“My notes say that you work as a TA for Professor Dino Tadesco, is that correct?”
“I do. Dino’s a good guy.”
“He keeps this place afloat as well, I understand.”
“Yeah. Without him we’d have closed our doors.”
Kala rifled through her notebook to have Nate think she was refreshing her memory. It gave her time to study him. “Leah was in his class?”
“Did you work with her?”
“She was in the seminar class that I’m a TA for and I graded her papers.”
Like pulling teeth.
“What kind of a student was she?”
“Conscientious. Not brilliant, but she worked hard and did what she had to do to get decent marks.”
“From the photos I’ve seen of her, she was very attractive.”
Nate’s eyes didn’t waver from hers. “She was. Kind, too.”
“I see you’re married.”
“I’m not the one Leah was sleeping with, Detective.”
“Do you know who was?
“Not a clue.”
“Surely you must have your suspicions.”
“I only found out about it because Jucinda felt she had to share.”
“What about Wolf? Was he still into Leah?”
“They were friends. Other than that, I don’t know. Neither was much good at sharing their innermost feelings.”
“Is your wife a student, Nate?”
“My wife?” For the first time, Kala heard his voice tremble with real emotion. He glared at her. “Trisha has nothing to do with this.”
“I never said that she did.”
“She works as a prison guard at the women’s pen.”
“Yeah. Trish was on nights when Leah went missing. I’m sure you have that in your notes already too.”
“Actually, I don’t, but thanks for clarifying.”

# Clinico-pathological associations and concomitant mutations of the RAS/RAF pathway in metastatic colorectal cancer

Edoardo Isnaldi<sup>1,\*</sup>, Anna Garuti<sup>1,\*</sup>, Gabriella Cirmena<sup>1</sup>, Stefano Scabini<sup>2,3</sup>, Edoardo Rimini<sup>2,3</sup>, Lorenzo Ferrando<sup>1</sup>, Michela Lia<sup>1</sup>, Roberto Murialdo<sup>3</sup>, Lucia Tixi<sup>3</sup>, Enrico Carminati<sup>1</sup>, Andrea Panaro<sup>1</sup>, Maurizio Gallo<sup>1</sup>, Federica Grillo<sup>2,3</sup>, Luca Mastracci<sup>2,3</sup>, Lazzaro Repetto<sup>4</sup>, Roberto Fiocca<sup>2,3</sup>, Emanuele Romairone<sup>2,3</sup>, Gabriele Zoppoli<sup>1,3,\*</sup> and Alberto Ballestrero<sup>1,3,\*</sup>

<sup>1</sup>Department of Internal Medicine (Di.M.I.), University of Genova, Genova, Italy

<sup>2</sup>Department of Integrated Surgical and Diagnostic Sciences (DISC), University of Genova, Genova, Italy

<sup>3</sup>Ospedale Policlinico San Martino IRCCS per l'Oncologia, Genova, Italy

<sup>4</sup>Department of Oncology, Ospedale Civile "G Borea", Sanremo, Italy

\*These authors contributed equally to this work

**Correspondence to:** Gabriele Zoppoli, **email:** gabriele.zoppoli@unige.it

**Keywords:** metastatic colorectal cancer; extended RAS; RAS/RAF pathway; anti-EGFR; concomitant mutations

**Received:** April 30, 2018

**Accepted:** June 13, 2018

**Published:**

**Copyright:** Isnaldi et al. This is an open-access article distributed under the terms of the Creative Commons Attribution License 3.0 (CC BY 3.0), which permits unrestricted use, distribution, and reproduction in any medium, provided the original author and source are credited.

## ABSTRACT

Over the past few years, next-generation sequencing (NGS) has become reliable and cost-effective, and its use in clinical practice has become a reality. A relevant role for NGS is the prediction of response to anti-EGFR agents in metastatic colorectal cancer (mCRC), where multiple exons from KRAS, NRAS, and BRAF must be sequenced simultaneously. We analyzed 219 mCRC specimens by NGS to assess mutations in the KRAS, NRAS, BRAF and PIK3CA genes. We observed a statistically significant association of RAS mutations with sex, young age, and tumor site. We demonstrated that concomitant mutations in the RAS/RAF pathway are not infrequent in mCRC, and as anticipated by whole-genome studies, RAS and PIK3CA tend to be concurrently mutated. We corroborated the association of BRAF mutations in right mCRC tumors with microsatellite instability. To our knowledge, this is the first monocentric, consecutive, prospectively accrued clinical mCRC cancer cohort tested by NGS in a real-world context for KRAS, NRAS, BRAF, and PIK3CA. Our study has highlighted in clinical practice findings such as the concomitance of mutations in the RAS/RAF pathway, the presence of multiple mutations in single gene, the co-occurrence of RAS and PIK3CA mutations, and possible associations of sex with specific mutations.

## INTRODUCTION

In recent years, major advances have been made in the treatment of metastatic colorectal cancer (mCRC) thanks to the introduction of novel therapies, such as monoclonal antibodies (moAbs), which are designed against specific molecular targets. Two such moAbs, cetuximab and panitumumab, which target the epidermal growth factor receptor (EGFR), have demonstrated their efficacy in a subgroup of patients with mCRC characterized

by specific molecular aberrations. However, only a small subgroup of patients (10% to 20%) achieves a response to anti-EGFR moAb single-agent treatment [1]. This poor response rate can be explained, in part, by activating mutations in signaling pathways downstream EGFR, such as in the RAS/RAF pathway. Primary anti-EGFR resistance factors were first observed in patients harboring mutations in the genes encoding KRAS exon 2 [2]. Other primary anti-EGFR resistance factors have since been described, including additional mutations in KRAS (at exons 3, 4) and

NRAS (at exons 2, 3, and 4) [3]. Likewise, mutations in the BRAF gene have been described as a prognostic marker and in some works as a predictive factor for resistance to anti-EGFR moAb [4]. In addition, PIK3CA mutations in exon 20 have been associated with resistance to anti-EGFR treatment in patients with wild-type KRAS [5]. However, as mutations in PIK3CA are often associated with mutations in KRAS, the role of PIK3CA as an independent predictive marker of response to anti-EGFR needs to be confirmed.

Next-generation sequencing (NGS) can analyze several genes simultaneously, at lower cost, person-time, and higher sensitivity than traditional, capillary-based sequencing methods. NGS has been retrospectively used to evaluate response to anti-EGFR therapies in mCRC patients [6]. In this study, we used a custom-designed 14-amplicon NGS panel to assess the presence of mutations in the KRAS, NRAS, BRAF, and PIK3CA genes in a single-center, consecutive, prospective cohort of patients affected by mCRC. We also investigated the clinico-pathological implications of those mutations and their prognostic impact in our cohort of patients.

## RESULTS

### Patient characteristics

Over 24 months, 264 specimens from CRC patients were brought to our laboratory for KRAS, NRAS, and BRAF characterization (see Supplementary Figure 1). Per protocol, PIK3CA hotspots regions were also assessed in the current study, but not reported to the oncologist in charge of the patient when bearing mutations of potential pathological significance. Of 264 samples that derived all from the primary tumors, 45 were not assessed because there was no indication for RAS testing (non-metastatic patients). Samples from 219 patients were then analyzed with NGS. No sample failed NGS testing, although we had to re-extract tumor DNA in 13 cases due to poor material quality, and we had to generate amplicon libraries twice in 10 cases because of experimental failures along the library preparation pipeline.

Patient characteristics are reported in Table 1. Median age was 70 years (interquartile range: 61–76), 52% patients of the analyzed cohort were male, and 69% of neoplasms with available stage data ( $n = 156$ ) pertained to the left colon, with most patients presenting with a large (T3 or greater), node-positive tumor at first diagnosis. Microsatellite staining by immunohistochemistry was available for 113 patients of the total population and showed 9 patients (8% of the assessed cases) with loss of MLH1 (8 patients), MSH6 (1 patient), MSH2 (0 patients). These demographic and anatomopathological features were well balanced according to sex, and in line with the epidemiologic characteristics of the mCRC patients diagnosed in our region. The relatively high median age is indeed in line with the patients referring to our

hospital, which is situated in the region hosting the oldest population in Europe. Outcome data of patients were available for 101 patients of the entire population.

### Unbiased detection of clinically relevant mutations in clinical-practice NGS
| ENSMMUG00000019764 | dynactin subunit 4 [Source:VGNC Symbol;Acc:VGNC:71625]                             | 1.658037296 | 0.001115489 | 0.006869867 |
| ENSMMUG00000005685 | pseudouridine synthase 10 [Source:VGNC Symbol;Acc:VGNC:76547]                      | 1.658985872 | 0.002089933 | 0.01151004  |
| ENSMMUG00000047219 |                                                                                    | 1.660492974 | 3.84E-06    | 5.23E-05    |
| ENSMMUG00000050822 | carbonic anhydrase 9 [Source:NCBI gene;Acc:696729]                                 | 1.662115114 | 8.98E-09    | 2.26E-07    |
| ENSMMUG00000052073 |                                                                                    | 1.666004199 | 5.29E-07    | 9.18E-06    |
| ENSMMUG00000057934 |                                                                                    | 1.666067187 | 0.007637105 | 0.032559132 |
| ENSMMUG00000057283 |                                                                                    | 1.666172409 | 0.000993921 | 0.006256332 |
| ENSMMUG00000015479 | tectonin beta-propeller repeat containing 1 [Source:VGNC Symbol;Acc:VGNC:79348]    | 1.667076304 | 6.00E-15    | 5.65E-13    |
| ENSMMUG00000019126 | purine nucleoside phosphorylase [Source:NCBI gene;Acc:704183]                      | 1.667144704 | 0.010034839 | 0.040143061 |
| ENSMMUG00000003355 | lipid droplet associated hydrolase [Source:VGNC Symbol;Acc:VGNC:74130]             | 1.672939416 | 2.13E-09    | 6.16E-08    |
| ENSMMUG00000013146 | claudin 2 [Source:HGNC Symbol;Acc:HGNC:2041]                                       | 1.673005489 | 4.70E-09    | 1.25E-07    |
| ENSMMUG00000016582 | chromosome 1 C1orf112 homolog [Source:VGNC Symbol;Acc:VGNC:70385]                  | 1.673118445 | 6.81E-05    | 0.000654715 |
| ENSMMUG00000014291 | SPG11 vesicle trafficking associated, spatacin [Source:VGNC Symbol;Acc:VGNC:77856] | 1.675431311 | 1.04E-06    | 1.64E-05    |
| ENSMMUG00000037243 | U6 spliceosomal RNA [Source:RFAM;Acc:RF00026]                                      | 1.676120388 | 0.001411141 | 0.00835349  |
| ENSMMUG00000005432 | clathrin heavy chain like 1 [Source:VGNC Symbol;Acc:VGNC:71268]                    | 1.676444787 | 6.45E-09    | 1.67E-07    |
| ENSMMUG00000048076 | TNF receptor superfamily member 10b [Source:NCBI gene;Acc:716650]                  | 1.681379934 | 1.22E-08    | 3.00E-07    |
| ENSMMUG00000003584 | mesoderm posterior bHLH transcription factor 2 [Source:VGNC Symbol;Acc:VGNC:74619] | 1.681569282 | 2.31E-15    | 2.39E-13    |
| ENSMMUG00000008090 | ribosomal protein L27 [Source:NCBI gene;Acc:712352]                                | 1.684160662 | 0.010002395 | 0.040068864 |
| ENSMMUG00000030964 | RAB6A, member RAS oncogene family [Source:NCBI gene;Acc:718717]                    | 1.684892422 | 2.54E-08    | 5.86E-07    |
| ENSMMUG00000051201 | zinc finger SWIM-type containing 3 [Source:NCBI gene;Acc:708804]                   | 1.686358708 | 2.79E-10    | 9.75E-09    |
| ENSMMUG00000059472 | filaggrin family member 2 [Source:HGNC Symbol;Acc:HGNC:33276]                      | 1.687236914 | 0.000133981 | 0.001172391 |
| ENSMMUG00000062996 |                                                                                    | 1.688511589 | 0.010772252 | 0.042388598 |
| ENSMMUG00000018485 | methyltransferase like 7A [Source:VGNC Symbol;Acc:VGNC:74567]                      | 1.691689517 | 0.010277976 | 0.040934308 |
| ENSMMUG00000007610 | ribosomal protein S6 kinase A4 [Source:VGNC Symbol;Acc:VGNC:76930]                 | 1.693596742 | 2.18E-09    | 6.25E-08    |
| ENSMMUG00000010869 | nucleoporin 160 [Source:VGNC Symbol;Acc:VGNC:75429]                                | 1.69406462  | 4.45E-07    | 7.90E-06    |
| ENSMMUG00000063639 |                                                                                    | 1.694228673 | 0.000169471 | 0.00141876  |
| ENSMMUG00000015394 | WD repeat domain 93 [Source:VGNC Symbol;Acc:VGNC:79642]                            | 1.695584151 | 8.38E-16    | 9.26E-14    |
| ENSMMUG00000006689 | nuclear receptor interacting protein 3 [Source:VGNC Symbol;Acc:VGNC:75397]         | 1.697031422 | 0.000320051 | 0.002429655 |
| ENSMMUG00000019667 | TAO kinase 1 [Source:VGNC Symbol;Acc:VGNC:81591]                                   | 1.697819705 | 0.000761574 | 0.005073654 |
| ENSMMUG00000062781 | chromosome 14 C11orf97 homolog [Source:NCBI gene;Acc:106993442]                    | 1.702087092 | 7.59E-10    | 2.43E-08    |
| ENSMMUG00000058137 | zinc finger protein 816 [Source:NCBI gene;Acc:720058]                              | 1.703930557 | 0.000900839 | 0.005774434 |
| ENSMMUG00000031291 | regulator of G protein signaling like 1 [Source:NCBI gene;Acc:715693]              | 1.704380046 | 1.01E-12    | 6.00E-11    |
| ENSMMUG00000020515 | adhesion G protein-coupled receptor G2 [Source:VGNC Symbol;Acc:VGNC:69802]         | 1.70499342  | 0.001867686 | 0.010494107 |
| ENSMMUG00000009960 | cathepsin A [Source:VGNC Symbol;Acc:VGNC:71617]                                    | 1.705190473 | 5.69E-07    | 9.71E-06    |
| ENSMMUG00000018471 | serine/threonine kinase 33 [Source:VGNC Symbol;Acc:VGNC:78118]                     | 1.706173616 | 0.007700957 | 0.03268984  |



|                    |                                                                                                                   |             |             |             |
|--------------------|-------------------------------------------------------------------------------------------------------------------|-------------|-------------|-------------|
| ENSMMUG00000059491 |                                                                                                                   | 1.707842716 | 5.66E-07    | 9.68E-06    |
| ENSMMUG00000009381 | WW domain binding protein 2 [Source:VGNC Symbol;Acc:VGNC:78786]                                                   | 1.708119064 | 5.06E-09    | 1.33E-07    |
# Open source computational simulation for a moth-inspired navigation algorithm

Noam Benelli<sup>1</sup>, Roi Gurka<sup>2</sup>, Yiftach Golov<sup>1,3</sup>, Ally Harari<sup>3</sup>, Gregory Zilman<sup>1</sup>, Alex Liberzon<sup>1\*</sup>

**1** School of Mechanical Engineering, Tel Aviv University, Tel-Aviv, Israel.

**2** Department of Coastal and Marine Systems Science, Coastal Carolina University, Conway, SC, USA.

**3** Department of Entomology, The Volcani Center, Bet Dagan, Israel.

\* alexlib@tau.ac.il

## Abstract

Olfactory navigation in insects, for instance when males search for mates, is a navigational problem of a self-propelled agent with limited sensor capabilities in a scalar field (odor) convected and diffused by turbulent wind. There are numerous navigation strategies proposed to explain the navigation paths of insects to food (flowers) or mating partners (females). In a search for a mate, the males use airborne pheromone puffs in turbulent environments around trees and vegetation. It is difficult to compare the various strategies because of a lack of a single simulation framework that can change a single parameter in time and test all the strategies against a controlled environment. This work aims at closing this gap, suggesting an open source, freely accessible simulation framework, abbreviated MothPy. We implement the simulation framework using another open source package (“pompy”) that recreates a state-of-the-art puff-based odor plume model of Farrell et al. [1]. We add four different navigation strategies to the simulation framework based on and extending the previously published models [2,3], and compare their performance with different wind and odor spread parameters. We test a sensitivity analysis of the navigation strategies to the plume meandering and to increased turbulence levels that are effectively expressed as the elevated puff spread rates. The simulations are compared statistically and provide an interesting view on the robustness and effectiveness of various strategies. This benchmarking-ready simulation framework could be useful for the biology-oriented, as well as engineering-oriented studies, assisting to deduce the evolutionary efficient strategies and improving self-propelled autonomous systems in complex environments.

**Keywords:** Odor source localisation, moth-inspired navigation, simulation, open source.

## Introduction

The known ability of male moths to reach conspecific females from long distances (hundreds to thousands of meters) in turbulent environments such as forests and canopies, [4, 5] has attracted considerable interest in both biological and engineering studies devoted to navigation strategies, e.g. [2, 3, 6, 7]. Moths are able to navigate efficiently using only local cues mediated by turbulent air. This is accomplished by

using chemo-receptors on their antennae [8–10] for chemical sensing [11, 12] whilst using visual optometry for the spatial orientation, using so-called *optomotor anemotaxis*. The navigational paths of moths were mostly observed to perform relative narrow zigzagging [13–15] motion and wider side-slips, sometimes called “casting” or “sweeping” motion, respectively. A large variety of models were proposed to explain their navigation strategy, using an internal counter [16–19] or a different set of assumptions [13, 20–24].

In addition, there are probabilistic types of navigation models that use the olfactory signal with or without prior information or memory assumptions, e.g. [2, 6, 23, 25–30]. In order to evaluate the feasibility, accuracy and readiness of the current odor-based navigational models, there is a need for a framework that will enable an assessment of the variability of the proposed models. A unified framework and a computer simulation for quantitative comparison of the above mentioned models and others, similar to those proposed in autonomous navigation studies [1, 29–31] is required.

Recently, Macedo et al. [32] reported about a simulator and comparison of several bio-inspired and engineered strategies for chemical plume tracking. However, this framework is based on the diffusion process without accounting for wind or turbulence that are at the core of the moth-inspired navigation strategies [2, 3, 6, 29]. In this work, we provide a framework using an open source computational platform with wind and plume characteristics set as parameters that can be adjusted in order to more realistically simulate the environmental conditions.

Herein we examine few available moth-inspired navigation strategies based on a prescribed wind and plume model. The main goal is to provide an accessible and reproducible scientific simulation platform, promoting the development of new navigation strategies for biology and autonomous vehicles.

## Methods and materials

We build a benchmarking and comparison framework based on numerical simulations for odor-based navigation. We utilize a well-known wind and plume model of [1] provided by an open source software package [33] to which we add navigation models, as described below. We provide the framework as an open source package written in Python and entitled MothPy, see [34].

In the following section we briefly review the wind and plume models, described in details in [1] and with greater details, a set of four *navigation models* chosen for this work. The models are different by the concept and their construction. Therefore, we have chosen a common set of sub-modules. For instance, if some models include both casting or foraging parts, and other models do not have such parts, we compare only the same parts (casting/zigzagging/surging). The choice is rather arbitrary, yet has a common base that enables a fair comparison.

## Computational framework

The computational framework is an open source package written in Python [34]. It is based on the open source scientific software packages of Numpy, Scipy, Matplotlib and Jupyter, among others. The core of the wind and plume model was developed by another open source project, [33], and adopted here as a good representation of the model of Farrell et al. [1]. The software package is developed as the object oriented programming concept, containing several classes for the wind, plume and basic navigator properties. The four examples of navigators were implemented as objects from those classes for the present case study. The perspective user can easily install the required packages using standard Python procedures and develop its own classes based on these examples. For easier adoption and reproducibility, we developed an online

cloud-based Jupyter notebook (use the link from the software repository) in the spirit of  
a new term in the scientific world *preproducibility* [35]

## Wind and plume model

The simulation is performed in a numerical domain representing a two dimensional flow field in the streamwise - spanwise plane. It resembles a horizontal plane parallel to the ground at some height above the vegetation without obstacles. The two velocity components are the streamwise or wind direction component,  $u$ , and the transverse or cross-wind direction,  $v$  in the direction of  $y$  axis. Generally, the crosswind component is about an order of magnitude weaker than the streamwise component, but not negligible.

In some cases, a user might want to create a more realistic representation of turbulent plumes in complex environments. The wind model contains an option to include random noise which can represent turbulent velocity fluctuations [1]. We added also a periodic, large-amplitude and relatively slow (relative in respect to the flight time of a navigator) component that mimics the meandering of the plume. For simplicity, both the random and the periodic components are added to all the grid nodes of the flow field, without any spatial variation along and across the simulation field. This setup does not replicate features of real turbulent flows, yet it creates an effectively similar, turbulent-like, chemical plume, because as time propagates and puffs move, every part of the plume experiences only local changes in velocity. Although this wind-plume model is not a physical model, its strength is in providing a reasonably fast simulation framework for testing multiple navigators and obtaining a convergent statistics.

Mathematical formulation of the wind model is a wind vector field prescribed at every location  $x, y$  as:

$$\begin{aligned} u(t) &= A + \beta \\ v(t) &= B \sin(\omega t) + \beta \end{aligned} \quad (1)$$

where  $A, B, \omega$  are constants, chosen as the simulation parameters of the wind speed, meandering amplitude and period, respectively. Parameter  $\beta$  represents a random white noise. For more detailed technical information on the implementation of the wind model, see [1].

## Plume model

His ears turned crimson at the tips and angry red patches stained his cheeks. Otherwise, his gaze remained level.
I’ll bet you hate your body giving you away like that,
Kala thought. Hard to control the flush of blood to your face.
She returned to her spot on the couch and watched Nate for a while. If he knew she was studying him, he never let on. She bet he hid his emotions well for the most part. Like everyone who worked here, he knew the tricks of telling a believable lie and the tells when spinning a story. The psychology of the psychologists. Might make for an interesting study.
Kala’s phone buzzed and she reached into her pocket. She checked the number before holding the phone to her ear. “Yes, Vera?”
“Sergeant Rouleau would like you to come to the station for one o’clock. Leah Sampson’s parents will be here then and he wants you to speak with them. Gundersund will be here as well.”
“Okay. I’m on my way.”
checked his rear-view and saw Stonechild make a left turn behind him into the lot. She followed him down the row of parked cars and slid into the empty space next to him. He waited for her to get out of her truck and join him where he stood checking his phone. When he looked up, she was as unreadable as ever, her body language distant. They fell into step and started for the main doors.
“Rouleau wants us to meet him in the lounge on the first floor. He and Fiona are with Leah’s parents and will hand them off to us to carry on with the interview.”
“They came in on their own?”
“Yeah. Mrs. Sampson’s been sedated most of the week. They said they were finally feeling up to talking about their daughter.”
“Okay.” She tucked her hands into the pockets of her jeans. “Get anything new on Bobby Hamilton?”